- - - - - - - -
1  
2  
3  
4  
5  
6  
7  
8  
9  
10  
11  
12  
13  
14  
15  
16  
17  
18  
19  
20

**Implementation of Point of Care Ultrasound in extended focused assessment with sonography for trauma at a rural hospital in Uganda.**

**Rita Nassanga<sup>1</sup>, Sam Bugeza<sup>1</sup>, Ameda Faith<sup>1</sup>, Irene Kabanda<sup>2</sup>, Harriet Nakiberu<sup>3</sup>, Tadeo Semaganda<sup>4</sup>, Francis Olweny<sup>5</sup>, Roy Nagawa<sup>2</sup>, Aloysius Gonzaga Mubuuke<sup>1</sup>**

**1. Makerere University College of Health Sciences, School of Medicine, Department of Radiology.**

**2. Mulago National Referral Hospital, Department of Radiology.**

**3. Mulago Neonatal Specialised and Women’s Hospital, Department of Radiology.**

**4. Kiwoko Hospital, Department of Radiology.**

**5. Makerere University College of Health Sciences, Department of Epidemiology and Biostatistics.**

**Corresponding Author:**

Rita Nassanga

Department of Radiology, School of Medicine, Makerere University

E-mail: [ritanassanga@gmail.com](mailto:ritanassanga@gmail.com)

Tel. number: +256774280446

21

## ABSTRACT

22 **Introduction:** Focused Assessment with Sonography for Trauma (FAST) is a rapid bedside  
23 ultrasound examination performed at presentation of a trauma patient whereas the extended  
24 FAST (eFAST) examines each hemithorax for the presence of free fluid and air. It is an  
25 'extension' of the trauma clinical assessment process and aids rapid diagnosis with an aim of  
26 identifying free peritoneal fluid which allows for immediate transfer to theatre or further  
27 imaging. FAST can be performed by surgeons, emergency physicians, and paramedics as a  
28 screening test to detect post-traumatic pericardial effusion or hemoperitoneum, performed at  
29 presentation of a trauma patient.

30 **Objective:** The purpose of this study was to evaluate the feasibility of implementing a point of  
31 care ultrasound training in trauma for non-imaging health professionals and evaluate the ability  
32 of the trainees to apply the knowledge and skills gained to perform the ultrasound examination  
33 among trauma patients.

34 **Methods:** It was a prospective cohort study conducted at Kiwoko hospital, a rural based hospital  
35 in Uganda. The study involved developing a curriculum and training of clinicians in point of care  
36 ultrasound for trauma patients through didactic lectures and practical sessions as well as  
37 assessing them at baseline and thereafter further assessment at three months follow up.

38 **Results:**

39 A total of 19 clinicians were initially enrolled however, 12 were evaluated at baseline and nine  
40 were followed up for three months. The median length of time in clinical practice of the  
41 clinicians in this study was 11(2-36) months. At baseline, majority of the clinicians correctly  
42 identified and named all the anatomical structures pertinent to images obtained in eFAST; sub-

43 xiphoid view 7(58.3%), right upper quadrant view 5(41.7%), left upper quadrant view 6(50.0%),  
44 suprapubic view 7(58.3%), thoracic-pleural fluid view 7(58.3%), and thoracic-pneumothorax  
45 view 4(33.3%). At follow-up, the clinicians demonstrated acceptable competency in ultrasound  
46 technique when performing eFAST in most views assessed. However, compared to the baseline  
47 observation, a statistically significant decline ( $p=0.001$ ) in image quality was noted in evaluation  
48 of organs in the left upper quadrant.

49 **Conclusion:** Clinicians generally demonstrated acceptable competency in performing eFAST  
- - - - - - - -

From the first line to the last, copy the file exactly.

1  
2  
3  
4  
5  
6  
7  
8  
9  
10  
11  
12  
13  
14  
15  
16  
17  
18  
19  
20

**Implementation of Point of Care Ultrasound in extended focused assessment with sonography for trauma at a rural hospital in Uganda.**

**Rita Nassanga<sup>1</sup>, Sam Bugeza<sup>1</sup>, Ameda Faith<sup>1</sup>, Irene Kabanda<sup>2</sup>, Harriet Nakiberu<sup>3</sup>, Tadeo Semaganda<sup>4</sup>, Francis Olweny<sup>5</sup>, Roy Nagawa<sup>2</sup>, Aloysius Gonzaga Mubuuke<sup>1</sup>**

**1. Makerere University College of Health Sciences, School of Medicine, Department of Radiology.**

**2. Mulago National Referral Hospital, Department of Radiology.**

**3. Mulago Neonatal Specialised and Women’s Hospital, Department of Radiology.**

**4. Kiwoko Hospital, Department of Radiology.**

**5. Makerere University College of Health Sciences, Department of Epidemiology and Biostatistics.**

**Corresponding Author:**

Rita Nassanga

Department of Radiology, School of Medicine, Makerere University

E-mail: [ritanassanga@gmail.com](mailto:ritanassanga@gmail.com)

Tel. number: +256774280446

21

## ABSTRACT

22 **Introduction:** Focused Assessment with Sonography for Trauma (FAST) is a rapid bedside  
23 ultrasound examination performed at presentation of a trauma patient whereas the extended  
24 FAST (eFAST) examines each hemithorax for the presence of free fluid and air. It is an  
25 'extension' of the trauma clinical assessment process and aids rapid diagnosis with an aim of  
26 identifying free peritoneal fluid which allows for immediate transfer to theatre or further  
27 imaging. FAST can be performed by surgeons, emergency physicians, and paramedics as a  
28 screening test to detect post-traumatic pericardial effusion or hemoperitoneum, performed at  
29 presentation of a trauma patient.

30 **Objective:** The purpose of this study was to evaluate the feasibility of implementing a point of  
31 care ultrasound training in trauma for non-imaging health professionals and evaluate the ability  
32 of the trainees to apply the knowledge and skills gained to perform the ultrasound examination  
33 among trauma patients.

34 **Methods:** It was a prospective cohort study conducted at Kiwoko hospital, a rural based hospital  
35 in Uganda. The study involved developing a curriculum and training of clinicians in point of care  
36 ultrasound for trauma patients through didactic lectures and practical sessions as well as  
37 assessing them at baseline and thereafter further assessment at three months follow up.

38 **Results:**

39 A total of 19 clinicians were initially enrolled however, 12 were evaluated at baseline and nine  
40 were followed up for three months. The median length of time in clinical practice of the  
41 clinicians in this study was 11(2-36) months. At baseline, majority of the clinicians correctly  
42 identified and named all the anatomical structures pertinent to images obtained in eFAST; sub-

43 xiphoid view 7(58.3%), right upper quadrant view 5(41.7%), left upper quadrant view 6(50.0%),  
44 suprapubic view 7(58.3%), thoracic-pleural fluid view 7(58.3%), and thoracic-pneumothorax  
45 view 4(33.3%). At follow-up, the clinicians demonstrated acceptable competency in ultrasound  
46 technique when performing eFAST in most views assessed. However, compared to the baseline  
47 observation, a statistically significant decline ( $p=0.001$ ) in image quality was noted in evaluation  
48 of organs in the left upper quadrant.

49 **Conclusion:** Clinicians generally demonstrated acceptable competency in performing eFAST  